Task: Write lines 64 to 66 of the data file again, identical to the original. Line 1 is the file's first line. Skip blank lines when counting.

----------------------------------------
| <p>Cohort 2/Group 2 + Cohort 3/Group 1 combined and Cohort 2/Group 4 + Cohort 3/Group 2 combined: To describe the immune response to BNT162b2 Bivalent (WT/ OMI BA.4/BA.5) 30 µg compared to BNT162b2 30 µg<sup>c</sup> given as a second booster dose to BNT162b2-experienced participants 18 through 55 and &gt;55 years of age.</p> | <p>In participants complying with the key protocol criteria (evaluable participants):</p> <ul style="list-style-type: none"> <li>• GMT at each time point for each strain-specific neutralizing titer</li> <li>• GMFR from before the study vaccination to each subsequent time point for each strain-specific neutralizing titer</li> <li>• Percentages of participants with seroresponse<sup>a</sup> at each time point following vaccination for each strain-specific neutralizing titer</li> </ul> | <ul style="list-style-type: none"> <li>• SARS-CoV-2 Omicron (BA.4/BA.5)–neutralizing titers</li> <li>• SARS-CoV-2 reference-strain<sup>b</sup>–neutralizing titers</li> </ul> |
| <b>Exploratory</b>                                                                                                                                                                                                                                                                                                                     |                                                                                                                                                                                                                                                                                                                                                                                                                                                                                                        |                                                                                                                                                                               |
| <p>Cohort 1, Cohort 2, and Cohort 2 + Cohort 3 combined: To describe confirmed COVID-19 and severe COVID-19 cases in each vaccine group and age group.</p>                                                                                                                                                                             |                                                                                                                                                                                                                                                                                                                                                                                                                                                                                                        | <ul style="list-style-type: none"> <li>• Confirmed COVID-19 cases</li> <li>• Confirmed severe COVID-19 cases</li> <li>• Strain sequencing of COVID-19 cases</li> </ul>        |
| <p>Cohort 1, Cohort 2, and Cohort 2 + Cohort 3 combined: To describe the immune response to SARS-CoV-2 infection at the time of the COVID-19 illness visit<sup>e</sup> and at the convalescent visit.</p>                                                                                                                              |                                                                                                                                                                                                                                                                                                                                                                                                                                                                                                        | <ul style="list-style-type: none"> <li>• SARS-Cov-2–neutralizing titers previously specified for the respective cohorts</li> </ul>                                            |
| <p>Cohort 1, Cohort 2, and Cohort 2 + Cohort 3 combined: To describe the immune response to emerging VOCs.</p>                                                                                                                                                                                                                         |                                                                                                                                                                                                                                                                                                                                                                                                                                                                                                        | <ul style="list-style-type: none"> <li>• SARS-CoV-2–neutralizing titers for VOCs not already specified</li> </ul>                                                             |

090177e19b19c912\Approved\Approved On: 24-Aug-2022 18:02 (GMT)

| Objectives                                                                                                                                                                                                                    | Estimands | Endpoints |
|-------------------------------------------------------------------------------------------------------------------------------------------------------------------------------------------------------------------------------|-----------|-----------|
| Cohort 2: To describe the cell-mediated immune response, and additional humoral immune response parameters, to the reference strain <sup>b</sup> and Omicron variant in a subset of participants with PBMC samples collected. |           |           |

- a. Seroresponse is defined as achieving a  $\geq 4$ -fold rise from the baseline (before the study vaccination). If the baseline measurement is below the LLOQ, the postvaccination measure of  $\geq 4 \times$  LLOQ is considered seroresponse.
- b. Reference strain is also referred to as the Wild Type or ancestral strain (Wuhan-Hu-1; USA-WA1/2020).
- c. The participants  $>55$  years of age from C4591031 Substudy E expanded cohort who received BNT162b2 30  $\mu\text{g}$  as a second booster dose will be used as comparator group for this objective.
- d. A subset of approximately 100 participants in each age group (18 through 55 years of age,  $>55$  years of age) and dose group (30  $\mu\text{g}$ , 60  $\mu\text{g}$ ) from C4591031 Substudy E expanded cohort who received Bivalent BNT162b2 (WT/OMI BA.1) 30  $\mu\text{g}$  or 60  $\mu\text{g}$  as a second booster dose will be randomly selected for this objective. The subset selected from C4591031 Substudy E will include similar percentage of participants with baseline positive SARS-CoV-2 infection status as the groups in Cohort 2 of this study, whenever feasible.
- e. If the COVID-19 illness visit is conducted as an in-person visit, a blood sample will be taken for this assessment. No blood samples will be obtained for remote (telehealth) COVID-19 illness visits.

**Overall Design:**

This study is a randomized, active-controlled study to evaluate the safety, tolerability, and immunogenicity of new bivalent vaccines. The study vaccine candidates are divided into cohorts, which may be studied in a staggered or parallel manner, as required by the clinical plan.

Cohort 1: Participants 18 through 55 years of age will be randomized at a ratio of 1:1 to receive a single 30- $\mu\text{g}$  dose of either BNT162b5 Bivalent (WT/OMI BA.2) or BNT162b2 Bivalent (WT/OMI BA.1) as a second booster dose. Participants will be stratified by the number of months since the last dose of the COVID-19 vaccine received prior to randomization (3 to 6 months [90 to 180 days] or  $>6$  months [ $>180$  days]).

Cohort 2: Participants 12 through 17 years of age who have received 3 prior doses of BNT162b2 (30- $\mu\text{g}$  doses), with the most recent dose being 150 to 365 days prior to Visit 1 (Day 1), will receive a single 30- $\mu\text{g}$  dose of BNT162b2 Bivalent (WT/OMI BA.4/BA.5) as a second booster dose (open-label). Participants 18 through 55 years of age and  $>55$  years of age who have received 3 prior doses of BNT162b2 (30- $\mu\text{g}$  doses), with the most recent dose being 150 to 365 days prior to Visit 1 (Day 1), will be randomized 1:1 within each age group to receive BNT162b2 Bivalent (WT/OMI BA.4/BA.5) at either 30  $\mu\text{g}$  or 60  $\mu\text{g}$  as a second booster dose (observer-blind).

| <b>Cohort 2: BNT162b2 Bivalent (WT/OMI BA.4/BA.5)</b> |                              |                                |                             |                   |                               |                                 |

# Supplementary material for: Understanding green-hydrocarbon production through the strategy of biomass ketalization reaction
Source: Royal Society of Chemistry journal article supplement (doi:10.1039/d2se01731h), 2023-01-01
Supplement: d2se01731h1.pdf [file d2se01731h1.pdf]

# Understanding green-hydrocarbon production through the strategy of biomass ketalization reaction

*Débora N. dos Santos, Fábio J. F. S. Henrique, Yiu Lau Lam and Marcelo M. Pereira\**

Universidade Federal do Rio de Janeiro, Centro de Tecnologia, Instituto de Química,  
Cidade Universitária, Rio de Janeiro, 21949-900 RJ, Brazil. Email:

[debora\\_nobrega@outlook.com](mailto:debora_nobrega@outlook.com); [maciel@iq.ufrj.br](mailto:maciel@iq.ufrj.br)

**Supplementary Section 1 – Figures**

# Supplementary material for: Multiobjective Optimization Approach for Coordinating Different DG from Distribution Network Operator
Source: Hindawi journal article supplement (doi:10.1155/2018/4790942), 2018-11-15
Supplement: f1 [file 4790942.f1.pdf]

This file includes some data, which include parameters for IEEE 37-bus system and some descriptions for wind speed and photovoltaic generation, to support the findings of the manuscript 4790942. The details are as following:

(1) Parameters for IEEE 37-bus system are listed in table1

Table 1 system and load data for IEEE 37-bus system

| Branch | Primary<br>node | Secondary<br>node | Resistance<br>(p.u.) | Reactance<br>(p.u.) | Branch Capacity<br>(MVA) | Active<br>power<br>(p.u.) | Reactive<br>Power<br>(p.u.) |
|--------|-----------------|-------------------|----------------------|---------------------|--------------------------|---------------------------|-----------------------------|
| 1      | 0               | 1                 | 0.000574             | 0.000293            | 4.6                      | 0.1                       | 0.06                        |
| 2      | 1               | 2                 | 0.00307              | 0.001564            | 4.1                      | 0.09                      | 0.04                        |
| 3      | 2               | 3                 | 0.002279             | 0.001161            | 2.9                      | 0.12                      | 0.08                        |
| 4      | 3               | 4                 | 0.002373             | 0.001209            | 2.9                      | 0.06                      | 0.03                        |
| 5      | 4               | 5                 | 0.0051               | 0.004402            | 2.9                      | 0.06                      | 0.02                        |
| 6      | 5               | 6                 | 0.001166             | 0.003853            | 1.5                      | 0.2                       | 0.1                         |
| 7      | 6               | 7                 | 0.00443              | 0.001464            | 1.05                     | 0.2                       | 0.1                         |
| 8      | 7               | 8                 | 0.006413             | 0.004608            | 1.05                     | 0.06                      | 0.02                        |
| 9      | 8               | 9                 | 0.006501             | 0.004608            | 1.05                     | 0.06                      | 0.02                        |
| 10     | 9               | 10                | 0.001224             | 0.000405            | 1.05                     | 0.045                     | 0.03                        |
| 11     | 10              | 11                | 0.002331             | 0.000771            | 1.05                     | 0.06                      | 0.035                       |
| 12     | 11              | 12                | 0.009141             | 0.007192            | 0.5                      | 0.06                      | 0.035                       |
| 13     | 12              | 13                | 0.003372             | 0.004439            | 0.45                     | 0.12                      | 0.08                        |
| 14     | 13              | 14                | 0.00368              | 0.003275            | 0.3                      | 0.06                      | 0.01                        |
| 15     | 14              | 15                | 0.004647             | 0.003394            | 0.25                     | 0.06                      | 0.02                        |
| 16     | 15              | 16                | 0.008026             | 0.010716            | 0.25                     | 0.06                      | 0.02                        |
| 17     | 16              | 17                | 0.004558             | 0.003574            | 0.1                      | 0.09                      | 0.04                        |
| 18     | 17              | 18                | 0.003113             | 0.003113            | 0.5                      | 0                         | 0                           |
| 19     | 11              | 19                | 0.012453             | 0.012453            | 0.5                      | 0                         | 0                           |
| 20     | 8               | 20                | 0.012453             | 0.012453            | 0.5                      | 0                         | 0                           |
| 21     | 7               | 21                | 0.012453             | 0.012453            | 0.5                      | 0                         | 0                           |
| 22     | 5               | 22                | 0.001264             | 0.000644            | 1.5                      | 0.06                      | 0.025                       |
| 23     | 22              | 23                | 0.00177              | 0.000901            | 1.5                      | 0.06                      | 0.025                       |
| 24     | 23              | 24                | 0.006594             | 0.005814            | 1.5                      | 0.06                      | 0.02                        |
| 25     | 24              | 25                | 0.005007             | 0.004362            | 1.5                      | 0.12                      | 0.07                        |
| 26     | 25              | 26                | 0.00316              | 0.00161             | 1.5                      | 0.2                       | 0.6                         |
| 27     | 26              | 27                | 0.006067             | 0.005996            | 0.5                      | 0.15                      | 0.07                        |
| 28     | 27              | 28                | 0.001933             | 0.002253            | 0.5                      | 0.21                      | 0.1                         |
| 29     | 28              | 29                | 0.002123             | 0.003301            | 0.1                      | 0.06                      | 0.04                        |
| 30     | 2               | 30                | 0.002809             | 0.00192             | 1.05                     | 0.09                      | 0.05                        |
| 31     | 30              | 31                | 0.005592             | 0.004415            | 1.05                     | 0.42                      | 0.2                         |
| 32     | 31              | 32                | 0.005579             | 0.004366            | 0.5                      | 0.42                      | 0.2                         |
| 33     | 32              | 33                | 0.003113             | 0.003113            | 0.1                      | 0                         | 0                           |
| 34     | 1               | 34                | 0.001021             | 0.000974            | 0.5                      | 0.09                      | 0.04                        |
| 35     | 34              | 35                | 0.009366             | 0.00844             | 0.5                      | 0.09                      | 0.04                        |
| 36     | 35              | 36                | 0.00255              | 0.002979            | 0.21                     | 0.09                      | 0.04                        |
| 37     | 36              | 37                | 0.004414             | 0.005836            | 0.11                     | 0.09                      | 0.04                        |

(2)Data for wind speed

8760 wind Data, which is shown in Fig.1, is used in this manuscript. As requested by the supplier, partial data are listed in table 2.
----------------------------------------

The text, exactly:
| 28     | 27              | 28                | 0.001933             | 0.002253            | 0.5                      | 0.21                      | 0.1                         |
| 29     | 28              | 29                | 0.002123             | 0.003301            | 0.1                      | 0.06                      | 0.04                        |
| 30     | 2               | 30                | 0.002809             | 0.00192             | 1.05                     | 0.09                      | 0.05                        |